In the second act of William Shakespeare’s Romeo and Juliet, musing aloud, the heroine speaks that justly famous line: “What’s in a name? That which we call a rose by any other name would smell as sweet.” True enough—but The Tragedy of Fred and Juliet lacks a certain zing. Juliet’s lament aside, Shakespeare knew reality. We best remember those items rightly named.
That is as true in the military as any other line of work. And, it has more relevance today in an information age in which credibility often is suspect.
The proper term in Shakespeare’s day did not include operational code names. When the English marched to battle in France, it was known as the Agincourt expedition, or the advance of King Henry V, or the campaign of 1415, or what we did last summer. Of course, Henry’s command and control system consisted of an occasional meeting with a few dukes and a mantra of, “Do as I do.” When Henry moved, the English followed. When he stopped and held ground, his knights and archers did likewise.
But as militaries grew in size and scope—invigorated by messages first horse-borne, then telegraphed, then radioed and now tweeted—any old name for an operation would not do. With apologies to Shakespeare, by the time of the Great War of 1914-18, military plans gained code names—shorthand titles rapidly transmitted, quickly received, immediately understood by those who needed to know and at least potentially confusing to curious enemy listeners. Had it stayed there, all would have been fine.
Modern warfare, however, is not a sport of kings. Waging war today, especially for modern militaries such as the United States’, requires popular support and public funding. As Shakespeare knew well, to keep the audience interested names must do more than identify. You go with Hamlet, Lear and Romeo, not Bill, Joe and Fred. Names must resonate. They need to sell. They have to look good on T-shirts and websites.
Certain code names used in World War II never would be employed today. The 1945 Okinawa campaign’s operation Iceberg just would not do. You could almost see naysayers shaking their heads, reminding us it is a Pacific island so the optics are all wrong. Operation Shingle, for the 1944 Anzio landing, definitely would not fly—too flippant. As for operation Gomorrah—the fire-bombing of Hamburg in 1943—well, the military lawyers, public affairs flacks and nervous Nellies would be lined up six-deep to re-title that one. And that is before the politicians got wind of it.
During the Korean War, in the wake of the massive Chinese intervention that nearly did in the entire U.S. war effort, hard-bitten Gen. Matthew Ridgway, USA, got away with some starkly direct names such as Killer and Ripper. The labels matched the grim purpose. But even old World War I artillery captain President Harry S Truman and his inner circle eventually grew queasy. Follow-on operations were labeled Rugged and Dauntless. Not surprisingly, as with a lot of other things, this tendency got well out of hand in Vietnam. In 1966, 1st Cavalry Division (Airmobile) troopers on operation Masher suddenly found themselves carrying out operation White Wing with the blessings of those in Washington, D.C. What the Viet Cong thought has gone unrecorded.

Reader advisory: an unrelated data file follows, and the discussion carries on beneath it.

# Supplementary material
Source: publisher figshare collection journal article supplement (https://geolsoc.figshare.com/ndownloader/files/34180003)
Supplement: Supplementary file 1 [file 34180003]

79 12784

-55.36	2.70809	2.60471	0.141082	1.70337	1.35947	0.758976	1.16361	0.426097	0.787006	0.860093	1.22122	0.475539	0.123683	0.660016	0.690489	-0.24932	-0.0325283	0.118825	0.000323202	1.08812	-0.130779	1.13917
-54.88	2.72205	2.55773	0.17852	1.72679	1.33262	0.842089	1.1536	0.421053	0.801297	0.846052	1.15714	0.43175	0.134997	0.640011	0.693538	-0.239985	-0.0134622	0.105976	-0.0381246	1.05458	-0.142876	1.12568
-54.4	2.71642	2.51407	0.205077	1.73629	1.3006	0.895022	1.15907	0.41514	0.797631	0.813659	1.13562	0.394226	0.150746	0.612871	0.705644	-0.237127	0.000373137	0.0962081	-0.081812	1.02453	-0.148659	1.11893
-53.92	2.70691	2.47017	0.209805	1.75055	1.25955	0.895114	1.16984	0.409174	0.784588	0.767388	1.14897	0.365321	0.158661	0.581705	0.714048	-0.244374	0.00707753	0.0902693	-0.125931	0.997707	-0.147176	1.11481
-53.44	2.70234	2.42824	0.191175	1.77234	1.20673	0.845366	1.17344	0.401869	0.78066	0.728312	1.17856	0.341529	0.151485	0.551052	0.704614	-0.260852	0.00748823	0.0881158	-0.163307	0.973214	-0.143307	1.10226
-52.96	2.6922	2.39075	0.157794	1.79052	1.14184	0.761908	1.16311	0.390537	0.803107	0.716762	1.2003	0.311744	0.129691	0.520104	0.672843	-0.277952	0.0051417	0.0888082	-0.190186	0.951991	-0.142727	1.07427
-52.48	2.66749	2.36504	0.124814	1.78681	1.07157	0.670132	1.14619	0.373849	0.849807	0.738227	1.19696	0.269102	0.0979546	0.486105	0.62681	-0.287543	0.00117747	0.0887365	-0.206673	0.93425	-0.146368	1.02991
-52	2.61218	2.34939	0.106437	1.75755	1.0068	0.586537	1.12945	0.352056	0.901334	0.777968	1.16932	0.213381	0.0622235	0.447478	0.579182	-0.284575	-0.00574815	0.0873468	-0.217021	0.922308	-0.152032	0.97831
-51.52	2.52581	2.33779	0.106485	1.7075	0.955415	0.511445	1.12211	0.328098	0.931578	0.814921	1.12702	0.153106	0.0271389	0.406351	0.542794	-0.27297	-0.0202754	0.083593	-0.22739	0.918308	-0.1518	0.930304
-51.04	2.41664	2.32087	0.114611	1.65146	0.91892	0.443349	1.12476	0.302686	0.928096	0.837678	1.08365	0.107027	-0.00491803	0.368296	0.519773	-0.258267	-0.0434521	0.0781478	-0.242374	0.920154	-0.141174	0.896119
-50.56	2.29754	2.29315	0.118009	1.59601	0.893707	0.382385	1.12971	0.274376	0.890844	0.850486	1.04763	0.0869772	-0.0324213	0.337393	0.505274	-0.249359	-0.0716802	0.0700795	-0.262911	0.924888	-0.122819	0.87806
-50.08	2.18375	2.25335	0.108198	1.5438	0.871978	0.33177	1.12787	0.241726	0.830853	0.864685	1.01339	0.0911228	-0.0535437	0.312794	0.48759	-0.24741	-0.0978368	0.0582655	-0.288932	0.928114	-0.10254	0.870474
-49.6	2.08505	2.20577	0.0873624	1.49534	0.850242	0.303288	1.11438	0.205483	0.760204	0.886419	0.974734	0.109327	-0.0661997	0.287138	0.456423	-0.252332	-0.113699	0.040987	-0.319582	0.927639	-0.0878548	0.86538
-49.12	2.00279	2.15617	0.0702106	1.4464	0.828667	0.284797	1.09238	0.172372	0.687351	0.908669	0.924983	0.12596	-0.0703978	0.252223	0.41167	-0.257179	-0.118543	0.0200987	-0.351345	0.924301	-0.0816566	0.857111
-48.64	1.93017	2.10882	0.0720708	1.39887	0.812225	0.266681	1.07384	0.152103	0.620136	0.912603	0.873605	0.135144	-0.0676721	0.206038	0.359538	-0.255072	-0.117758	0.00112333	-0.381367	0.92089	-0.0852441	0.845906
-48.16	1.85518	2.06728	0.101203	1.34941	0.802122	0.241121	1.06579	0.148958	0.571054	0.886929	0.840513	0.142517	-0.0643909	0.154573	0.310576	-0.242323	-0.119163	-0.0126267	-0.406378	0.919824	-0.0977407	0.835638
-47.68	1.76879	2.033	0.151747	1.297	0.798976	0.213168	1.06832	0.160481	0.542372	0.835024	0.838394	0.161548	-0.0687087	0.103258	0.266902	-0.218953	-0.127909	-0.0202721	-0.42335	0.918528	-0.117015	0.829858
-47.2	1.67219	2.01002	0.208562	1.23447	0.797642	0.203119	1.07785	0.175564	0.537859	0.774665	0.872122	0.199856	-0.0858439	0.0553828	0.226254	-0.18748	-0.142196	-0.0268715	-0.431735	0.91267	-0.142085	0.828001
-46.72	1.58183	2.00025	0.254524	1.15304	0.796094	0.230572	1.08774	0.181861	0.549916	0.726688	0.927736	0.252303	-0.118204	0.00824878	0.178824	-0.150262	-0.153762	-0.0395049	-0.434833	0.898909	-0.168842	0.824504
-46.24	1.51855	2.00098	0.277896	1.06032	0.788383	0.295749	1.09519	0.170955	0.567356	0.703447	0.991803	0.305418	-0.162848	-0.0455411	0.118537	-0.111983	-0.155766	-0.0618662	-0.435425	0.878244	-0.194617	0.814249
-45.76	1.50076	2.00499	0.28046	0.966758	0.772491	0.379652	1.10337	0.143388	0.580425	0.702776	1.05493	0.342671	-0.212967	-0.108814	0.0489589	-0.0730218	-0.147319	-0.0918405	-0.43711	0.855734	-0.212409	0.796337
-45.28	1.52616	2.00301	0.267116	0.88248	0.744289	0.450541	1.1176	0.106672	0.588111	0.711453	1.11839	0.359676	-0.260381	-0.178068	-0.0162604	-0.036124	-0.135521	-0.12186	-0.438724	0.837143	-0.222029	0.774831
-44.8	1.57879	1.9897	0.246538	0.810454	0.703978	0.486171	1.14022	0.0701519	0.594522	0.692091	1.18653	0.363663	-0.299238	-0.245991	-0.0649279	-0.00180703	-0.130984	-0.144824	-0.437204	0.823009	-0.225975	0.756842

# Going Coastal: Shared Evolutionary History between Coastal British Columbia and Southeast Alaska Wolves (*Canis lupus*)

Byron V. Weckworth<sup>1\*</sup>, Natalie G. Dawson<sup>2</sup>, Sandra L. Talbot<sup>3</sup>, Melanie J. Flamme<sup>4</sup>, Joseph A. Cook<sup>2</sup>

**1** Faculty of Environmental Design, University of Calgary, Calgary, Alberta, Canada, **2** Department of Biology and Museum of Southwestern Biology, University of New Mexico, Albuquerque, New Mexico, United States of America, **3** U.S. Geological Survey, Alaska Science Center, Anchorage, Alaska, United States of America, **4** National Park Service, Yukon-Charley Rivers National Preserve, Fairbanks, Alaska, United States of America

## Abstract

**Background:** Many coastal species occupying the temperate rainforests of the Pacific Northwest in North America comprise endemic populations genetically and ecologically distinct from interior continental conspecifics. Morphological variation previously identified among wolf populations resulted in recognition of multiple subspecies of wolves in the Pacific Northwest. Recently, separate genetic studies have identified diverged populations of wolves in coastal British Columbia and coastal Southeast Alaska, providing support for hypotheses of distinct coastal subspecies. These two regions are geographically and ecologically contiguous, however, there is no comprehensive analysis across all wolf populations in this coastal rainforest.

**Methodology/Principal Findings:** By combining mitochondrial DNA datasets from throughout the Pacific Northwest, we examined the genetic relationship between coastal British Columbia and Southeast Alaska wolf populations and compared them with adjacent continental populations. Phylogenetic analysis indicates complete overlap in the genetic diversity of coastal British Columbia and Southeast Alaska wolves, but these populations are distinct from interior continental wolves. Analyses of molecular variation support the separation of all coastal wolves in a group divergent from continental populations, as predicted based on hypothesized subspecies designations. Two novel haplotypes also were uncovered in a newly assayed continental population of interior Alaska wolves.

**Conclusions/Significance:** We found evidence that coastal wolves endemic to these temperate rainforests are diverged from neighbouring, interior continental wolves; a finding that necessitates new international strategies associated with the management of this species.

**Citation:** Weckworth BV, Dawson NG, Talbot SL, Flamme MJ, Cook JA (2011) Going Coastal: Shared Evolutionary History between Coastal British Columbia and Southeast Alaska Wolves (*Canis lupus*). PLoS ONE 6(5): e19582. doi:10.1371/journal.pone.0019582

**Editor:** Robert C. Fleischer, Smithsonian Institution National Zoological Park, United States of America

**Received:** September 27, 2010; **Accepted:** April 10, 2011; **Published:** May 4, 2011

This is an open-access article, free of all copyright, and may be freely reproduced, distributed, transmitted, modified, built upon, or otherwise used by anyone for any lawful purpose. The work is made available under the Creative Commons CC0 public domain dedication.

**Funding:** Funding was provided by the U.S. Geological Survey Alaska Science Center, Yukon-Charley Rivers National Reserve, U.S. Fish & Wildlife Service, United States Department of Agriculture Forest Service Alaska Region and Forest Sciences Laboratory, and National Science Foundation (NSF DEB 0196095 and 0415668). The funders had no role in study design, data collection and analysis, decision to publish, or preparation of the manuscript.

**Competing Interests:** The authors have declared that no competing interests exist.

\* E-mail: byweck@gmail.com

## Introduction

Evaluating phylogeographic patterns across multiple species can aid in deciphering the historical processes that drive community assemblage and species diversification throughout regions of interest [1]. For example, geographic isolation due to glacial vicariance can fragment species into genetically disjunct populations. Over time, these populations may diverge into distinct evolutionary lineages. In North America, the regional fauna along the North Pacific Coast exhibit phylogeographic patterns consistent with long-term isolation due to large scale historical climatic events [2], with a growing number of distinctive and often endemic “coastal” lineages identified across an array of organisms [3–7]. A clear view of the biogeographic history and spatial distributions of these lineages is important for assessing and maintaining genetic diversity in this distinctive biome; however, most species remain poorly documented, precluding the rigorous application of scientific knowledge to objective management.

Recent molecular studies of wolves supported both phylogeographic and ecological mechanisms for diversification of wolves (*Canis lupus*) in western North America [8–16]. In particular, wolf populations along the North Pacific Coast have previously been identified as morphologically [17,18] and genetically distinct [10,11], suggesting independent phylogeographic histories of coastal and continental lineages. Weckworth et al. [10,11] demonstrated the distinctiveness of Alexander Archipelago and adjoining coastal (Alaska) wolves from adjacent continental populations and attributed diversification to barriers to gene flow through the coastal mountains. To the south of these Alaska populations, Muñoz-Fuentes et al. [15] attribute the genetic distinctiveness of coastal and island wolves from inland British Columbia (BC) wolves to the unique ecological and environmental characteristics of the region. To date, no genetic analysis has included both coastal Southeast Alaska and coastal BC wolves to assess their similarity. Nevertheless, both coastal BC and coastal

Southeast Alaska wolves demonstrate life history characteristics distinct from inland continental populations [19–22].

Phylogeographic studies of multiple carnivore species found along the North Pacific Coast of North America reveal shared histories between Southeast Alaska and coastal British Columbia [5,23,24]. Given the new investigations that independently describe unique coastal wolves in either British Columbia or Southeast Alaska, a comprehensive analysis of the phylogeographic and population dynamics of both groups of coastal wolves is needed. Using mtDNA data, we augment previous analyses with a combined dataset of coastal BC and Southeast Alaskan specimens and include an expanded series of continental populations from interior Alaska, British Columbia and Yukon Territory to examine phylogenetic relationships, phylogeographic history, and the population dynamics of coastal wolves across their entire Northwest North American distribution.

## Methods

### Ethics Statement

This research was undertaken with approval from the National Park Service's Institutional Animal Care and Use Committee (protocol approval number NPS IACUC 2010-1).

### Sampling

In recent decades, operations are planned under code names—often randomly assigned by computer programs and executed under more adroitly fashioned appellations. Thus, the 1989 Panama intervention was prepared as Blue Spoon and carried out as Just Cause. The initial response to the September 11, 2001, attacks went by Infinite Justice until judged potentially upsetting to faithful Muslims. Then it became Enduring Freedom. When events went sour in Libya in 2011, initial forces scrambled into action under Odyssey Dawn. That exotic moniker spawned widespread complaints and quickly gave way to the more staid Unified Protector. The great Prussian Gen.l Helmuth von Moltke observed that war plans seldom survive contact with the enemy. Military code names seem to suffer the same fate when exposed to focus groups.
Does it matter? Yes, it does. Both the men and women in our ranks and our fellow citizens expect the military to speak clearly, devoid of spin and outside the domestic politics of the day. Iraqi Freedom sounded great in March of 2003, but it did not age too well. Rather than settle for computer-generated nonsense terms or trying to apply slick advertising branding, the military will do well to choose code names that, when disclosed, remind everyone, including our foes, that we are serious. We know the good kind: Torch, Husky, Galvanic, Overlord, Cobra, Thunderbolt, Desert Storm. As a general supposedly remarked in 1989, nobody wants to die for the glory of operation Blue Spoon. A rose by any other name may well smell as sweet, but an ill-named combat operation just plain stinks.
Lt. Gen. Daniel P. Bolger, USA (Ret.), is a former troop commander in Iraq and Afghanistan. The author of seven books and numerous articles, he currently teaches at North Carolina State University.